WPTOSpickout: Find nonstationarities in a time series

Description Usage Arguments Details Value Author(s) References See Also Examples

View source: R/WPTOSpickout.R

Description

The nonstationarities are located by looking for significant Haar wavelet coefficients of a b-spectrum of a time series (a b-spectrum is the expectation of a wavelet packet periodgram). The significant Haar coefficients can locate discontinuities in space and time.

Usage

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WPTOSpickout(x, level, index, filter.number = 1, family = "DaubExPhase",
	plot.it = FALSE, verbose = FALSE, lowlev = 3, highlev, nomsize = 0.05)

Arguments

x

The time series you wish to analyse.

level

The level of the b-spectrum you want to examine. See help for BootWPTOS for more information on levels.

index

The index of the b-spectrum you want to examine. See help for BootWPTOS for more information on indices you can chose.

filter.number

The filter number of the underlying wavelet you wish to examine.

family

The family of the underlying wavelet you wish to examine.

plot.it

If TRUE this plots the time series x as supplied. Then, superimposed in red, is the raw wavelet packet periodogram. The Haar wavelet coefficients of the red signal are examined for whether they are deemed non-zero or not using asymptotic normality results. If FALSE then no such plot is produced.

verbose

If TRUE then a single line indicating the number of significant coefficients found is printed. If FALSE then the function prints nothing.

lowlev

Keep away from coarse scales. Typically, Haar wavelet coefficients at the coarse scales are contaminated by boundary effects. These won't usually cause a problem at scales 3 or higher, or maybe 2. Only coefficients at scales lowlev or finer will be selected for testing.

highlev

Keep away from fine scales. The testing of Haar wavelet coeffients depends on utilizing enough data points to enable asymptotic normality to kick in. At the finest scale only TWO single points are compared and the distribution of each point might be far from normality. At coarser scales TWO averages are compared and those averages will consist of many points. E.g. at the third finest scale each average will consist of four points, at the fourth finest scale each average will consist of 8 points, etc. By default this argument is set to be roughly the use a scale one level finer than the halfway number of levels. So, if J=10, then highlev is 6. The formula is floor(J/2)+1. Note: highlev and lowlev should be specified in the WaveThresh scaling (e.g. scale 0 is the coarsest scale)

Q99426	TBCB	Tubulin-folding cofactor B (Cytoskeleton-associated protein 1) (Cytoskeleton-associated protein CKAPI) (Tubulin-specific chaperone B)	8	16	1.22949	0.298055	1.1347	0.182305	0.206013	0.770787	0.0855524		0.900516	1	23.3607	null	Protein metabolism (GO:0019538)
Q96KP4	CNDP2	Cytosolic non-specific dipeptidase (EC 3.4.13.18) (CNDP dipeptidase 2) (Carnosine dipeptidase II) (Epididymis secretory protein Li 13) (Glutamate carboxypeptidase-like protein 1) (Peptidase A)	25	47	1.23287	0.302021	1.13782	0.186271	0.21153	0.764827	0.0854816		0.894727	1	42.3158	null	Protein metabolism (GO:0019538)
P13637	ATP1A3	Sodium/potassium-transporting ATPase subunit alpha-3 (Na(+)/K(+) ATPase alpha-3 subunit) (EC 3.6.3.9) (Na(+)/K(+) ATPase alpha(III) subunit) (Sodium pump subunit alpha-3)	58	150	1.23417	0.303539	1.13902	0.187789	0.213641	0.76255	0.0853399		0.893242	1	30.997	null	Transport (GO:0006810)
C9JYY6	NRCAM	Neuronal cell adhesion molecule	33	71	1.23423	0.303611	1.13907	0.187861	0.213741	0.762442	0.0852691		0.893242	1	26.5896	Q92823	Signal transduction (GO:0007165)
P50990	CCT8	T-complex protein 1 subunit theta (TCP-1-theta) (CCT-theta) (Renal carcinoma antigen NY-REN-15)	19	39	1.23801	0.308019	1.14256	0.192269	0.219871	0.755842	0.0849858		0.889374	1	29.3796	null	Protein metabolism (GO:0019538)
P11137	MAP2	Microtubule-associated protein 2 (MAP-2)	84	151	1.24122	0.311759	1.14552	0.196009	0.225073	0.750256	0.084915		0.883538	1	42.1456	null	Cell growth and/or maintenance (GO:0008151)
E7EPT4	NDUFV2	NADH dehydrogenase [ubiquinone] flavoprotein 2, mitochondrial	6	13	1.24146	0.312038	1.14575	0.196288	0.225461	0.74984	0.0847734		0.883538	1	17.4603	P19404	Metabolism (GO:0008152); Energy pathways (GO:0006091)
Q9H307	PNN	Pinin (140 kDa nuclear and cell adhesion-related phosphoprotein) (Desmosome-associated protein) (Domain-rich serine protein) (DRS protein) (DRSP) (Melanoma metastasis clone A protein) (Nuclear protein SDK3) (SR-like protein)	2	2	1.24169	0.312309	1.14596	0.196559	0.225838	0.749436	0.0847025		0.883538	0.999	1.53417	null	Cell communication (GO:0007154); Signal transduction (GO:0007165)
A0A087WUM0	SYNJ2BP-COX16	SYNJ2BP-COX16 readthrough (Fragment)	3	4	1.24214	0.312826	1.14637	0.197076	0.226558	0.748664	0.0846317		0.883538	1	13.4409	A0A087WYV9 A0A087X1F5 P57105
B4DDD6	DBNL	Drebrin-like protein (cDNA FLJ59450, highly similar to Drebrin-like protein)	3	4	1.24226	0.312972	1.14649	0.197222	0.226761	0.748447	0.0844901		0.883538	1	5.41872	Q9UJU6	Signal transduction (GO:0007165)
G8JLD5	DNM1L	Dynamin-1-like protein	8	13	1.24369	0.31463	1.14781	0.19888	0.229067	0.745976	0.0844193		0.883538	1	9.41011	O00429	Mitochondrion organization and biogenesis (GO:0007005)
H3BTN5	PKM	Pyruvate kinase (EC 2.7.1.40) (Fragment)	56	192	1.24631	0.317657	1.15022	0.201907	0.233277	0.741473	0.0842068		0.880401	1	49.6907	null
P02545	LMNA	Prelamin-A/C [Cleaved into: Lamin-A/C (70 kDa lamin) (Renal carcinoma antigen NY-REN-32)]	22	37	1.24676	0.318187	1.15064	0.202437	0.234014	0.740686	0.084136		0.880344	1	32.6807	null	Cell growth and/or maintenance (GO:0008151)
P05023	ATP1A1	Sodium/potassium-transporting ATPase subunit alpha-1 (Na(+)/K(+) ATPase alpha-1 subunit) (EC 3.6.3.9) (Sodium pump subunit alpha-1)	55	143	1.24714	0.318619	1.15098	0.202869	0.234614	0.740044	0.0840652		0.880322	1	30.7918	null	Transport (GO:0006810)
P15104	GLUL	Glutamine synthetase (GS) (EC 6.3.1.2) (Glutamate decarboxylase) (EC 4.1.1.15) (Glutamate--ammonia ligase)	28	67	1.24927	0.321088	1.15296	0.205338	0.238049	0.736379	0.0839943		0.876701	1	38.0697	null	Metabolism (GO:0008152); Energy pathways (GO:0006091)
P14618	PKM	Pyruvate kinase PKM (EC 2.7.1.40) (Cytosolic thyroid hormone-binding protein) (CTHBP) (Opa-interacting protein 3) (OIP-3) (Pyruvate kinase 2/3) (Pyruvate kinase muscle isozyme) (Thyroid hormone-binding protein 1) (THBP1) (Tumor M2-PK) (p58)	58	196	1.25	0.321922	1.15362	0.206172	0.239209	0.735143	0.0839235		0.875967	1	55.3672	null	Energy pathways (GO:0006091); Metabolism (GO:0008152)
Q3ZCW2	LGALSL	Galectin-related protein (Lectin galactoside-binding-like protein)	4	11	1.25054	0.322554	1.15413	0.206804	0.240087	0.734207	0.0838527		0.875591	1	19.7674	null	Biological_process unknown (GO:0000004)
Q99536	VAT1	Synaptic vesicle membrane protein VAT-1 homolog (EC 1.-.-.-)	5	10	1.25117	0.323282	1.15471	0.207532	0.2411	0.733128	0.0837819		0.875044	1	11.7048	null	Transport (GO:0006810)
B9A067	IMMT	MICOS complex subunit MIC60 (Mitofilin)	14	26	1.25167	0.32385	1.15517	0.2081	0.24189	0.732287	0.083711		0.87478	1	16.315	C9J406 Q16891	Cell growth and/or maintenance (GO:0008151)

nomsize

The nominal size of the test as a number between 0 and 1. So, if you want a 5

Details

This function computes the nondecimated wavelet packet transform of the packet you specified by level and index. Note: you can only specify one number for each of these. Then the b-spectrum (raw wavelet packet periodogram) is formed by squaring the nondecimated wavelet packet transform. Then the Haar wavelet coefficients are obtained for the b-spectrum and a multiple hypothesis test is performed on all the Haar wavelet coefficients between scales lowlev and highlev. The function return information about any significant wavelet coefficients.

Value

A list of class toswp containing the following components:

x

The time series that was analyzed

level

The level of the b-spectrum that we wanted

index

The index of the b-spectrum that we wanted

sigcoefs

A wd class object containing the significant Haar wavelet coefficients, if there are any

nreject

The number of significant Haar wavelet coefficients

ntests

The total number of hypothesis tests carried out in the multiple hypothesis test

bonsize

The Bonferroni corrected rate for the multiple hypothesis test

Author(s)

G.P. Nason

References

Cardinali, A. and Nason, G.P. (2016) Practical Powerful Wavelet Packet Tests for Second-Order Stationarity. Applied and Computational Harmonic Analysis, 2016, DOI=10.1016/j.acha.2016.06.006.

See Also

BootWPTOS, plot.toswp, print.toswp, summary.toswp

Examples

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#
# Create some simulated data
#
x2 <- c(rnorm(256), rnorm(256, 2))
#
# The following call to BootWPTOS (generic tester) 
#
## Not run: x2.tos <- BootWPTOS(x2, levs=5, indices=1, Bsims=500)
## Not run: x2.tos
#
#	WPBootTOS test of stationarity
#
#data:  x2
#= 5.2826, p-value < 2.2e-16
#
# So, test indicates that strong evidence for nonstationarity. 
#
# Now let's do the multiple Haar hypothesis test.
#
x2.po <- WPTOSpickout(x=x2, level=7, index=1)
x2.po
#Class 'toswp' : Wavelet Packet Test of Stationarity Object :
#       ~~~~  : List with 7 components with names
#              x level index sigcoefs nreject ntests bonsize 
#
#
#summary(.):
#----------
#Number of individual tests: 56 
#Bonferroni p-value was: 0.0008928571 
#Tests rejected: 2 
#Listing Bonferroni rejects...
#Wavelet Packet  (5,1): HWTlev: 4. Indices: 8  
#Wavelet Packet  (5,1): HWTlev: 5. Indices: 16 
#
# So, this test also shows nonstationarities. For this packet (5,1)
# two significant Haar coefficients were identified. One was at level 4
# position 8 and the other was at scale level 5 position 16.
#
# You can plot them also
#
## Not run: plot(x2.po)
#
# You should get a nice plot of the time series with double-headed red
# arrows indicating the location and extent of the nonstationarities.
# For this example, where the spectrum changes dramatically at the halfway
# point - this is where the arrows should be located. Of course, with random
# data you might see other arrows in other locations, but this should be
# unlikely and on repeating the above they should not persist.

BootWPTOS documentation built on May 1, 2019, 8:47 p.m.